Key Considerations for Detecting and Targeting BRAF Mutations - Episode 5

Developments in the Management of Stage III Melanoma


Hussein A. Tawbi, MD, PhD: Patients with stage III melanoma are defined as patients who have nodal involvement from their disease. In the past, those patients used to be treated first with a wide local excision for the primary tumor on the skin. Then we would do a sentinel lymph node biopsy, and that’s how we actually identified nodal involvement. The next step for almost all those patients used to be a pretty extensive surgery to remove all the nodes that were in that nodal basin, called a completion lymph node dissection.

Then, after that was performed, their staging was complete, but they remained at high risk of recurrence. The risk used to range from around 40% all the way up to 70% or 80%, depending on how much nodal involvement was present. So they had to be subject to significant surgery. Then, with that high risk of recurrence, there were very few therapies that had the ability to decrease that risk. In fact, for many years, the only adjuvant therapy we had was high-dose interferon alpha, which used to be a medication that gave patients high rates of adverse effects—close to 90%, but not 100%. For an entirety of 1 year, it was useful in that it decreased the risk of recurrence appreciably in large randomized trials, but there was a question about its ability to actually cure patients because the overall survival benefit that was shown in some trials wasn’t confirmed in others. Patients with stage III disease had to deal with a lot—significant surgery and adjuvant therapy that was toxic and not very effective.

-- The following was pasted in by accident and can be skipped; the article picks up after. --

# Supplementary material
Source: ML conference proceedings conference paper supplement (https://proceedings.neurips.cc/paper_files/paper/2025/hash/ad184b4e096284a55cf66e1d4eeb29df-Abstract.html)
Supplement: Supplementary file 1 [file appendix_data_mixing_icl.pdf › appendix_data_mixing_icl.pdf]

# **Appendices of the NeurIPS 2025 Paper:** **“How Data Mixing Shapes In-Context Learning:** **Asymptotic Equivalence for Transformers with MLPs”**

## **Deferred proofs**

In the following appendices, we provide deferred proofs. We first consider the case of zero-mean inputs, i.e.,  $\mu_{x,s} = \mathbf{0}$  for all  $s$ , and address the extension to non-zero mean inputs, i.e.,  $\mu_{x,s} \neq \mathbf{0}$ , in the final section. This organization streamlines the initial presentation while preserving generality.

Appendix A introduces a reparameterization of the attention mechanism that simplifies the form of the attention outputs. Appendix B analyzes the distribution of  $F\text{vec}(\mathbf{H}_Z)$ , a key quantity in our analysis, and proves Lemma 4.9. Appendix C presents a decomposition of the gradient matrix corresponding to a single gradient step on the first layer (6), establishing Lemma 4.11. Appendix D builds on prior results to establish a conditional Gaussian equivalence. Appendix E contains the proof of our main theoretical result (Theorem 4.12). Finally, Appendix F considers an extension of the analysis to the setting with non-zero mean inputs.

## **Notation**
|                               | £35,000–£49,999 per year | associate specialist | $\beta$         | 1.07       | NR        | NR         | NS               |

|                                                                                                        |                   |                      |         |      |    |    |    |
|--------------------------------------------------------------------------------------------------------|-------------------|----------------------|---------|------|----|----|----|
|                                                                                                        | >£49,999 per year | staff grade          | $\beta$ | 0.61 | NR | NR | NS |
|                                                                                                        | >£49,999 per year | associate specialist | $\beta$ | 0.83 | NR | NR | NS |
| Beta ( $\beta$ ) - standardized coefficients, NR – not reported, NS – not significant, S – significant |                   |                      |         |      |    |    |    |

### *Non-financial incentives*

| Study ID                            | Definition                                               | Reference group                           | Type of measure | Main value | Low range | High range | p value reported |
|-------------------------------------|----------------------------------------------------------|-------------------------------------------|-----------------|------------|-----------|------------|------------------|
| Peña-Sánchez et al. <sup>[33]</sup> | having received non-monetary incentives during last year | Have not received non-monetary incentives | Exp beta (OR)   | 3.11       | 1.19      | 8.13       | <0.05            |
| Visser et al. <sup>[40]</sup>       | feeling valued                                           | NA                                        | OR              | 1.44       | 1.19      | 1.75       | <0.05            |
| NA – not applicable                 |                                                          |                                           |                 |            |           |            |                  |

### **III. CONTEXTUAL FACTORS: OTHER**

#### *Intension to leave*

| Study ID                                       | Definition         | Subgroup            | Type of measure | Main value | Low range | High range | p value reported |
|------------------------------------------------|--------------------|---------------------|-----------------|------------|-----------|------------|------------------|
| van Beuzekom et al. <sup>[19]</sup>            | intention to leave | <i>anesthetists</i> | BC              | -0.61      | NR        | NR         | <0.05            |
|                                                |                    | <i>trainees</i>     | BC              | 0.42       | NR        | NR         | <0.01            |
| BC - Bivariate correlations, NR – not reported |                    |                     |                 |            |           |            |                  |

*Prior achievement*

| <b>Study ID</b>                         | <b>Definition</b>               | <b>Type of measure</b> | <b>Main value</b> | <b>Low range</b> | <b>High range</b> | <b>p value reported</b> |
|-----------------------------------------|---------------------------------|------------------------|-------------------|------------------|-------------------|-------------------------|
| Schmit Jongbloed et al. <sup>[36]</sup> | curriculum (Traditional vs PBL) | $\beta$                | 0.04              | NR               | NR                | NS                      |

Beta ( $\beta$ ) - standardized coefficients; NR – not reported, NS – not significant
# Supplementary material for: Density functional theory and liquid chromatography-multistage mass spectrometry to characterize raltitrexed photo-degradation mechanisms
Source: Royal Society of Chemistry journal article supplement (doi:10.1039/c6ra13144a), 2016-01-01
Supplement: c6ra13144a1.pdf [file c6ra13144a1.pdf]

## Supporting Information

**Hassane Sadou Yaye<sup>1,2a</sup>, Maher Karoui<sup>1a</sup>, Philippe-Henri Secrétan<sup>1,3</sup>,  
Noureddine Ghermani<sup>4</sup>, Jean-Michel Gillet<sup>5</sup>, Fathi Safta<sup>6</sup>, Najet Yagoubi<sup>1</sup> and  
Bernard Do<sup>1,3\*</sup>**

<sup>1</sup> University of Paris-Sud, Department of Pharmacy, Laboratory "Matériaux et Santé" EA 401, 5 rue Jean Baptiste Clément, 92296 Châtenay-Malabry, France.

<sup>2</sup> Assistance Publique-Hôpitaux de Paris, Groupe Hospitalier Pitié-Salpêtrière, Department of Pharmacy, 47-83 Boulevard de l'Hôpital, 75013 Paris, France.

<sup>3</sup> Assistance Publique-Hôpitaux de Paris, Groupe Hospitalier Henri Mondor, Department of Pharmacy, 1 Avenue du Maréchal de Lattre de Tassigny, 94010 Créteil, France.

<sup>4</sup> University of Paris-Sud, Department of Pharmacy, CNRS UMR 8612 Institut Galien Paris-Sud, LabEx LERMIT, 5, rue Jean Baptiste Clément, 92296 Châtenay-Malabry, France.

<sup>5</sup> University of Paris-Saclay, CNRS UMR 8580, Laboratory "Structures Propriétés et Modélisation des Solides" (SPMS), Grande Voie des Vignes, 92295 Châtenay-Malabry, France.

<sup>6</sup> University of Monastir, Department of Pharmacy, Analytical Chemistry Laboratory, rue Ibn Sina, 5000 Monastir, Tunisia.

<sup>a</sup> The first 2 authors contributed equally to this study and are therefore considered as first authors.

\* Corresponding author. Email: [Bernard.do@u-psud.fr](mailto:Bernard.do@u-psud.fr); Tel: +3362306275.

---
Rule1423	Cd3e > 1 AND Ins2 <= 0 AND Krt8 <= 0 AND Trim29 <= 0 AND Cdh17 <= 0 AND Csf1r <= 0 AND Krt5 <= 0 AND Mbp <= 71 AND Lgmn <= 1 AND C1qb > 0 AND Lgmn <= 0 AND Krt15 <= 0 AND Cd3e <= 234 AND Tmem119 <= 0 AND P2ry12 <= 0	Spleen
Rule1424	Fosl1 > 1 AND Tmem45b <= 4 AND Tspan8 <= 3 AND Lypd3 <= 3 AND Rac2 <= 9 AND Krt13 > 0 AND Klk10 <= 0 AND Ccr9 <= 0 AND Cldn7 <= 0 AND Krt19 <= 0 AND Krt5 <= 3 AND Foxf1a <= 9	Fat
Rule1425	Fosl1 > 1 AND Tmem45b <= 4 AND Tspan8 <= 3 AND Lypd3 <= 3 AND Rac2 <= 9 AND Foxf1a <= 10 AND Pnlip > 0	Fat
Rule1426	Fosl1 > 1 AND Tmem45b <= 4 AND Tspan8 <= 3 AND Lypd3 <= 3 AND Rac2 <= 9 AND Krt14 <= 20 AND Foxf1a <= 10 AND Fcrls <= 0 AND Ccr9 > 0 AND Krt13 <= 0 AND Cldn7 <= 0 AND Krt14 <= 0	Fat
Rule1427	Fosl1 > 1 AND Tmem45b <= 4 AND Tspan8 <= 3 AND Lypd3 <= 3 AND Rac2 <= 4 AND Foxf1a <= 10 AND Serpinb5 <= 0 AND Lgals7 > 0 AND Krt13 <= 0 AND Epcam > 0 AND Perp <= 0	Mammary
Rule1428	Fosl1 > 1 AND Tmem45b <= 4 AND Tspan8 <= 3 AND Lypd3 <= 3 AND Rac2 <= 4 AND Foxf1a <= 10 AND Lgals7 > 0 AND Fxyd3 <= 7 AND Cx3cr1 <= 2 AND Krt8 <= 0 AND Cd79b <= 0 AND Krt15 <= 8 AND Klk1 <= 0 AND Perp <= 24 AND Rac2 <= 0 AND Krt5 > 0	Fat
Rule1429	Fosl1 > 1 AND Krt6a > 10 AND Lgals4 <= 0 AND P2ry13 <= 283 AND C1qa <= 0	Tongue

Thankfully, in the last couple of years, all that has changed dramatically. On the surgical side, we ended up having the results of MSLT-II, a trial that actually took patients who had sentinel lymph node—positive disease and randomized them to either go for the full completion dissection or just be observed until they recurred, and then they would go for the completion resection. The results of that trial showed that there is no survival benefit to the big surgery that left people with lymphedema and other things. That was the first improvement we have. Those patients are now most likely to be observed as opposed to having a completion lymph node dissection.

The second very important development is actually the approval of effective adjuvant therapy. Now we have 3 different drugs or drug combinations. We have 2 immunotherapy drugs—nivolumab as a single agent and pembrolizumab as a single agent—that are immunotherapy based and decrease the risk of recurrence by almost half. And we have targeted therapy, with dabrafenib and trametinib, that is also appropriate for patients with BRAF mutations and that also decreases the risk of relapse by about half.

All these drugs are actually relatively tolerable. They do have an adverse-effect profile, as most cancer drugs do, but their toxicities are generally manageable. With the magnitude of benefit, we really feel strongly that most patients with stage III disease would be appropriate for that treatment. And so to summarize the developments, less surgery and more effective adjuvant therapy. I think we’re in a place where we can cure more patients with stage III disease than we did in the past.

Transcript Edited for Clarity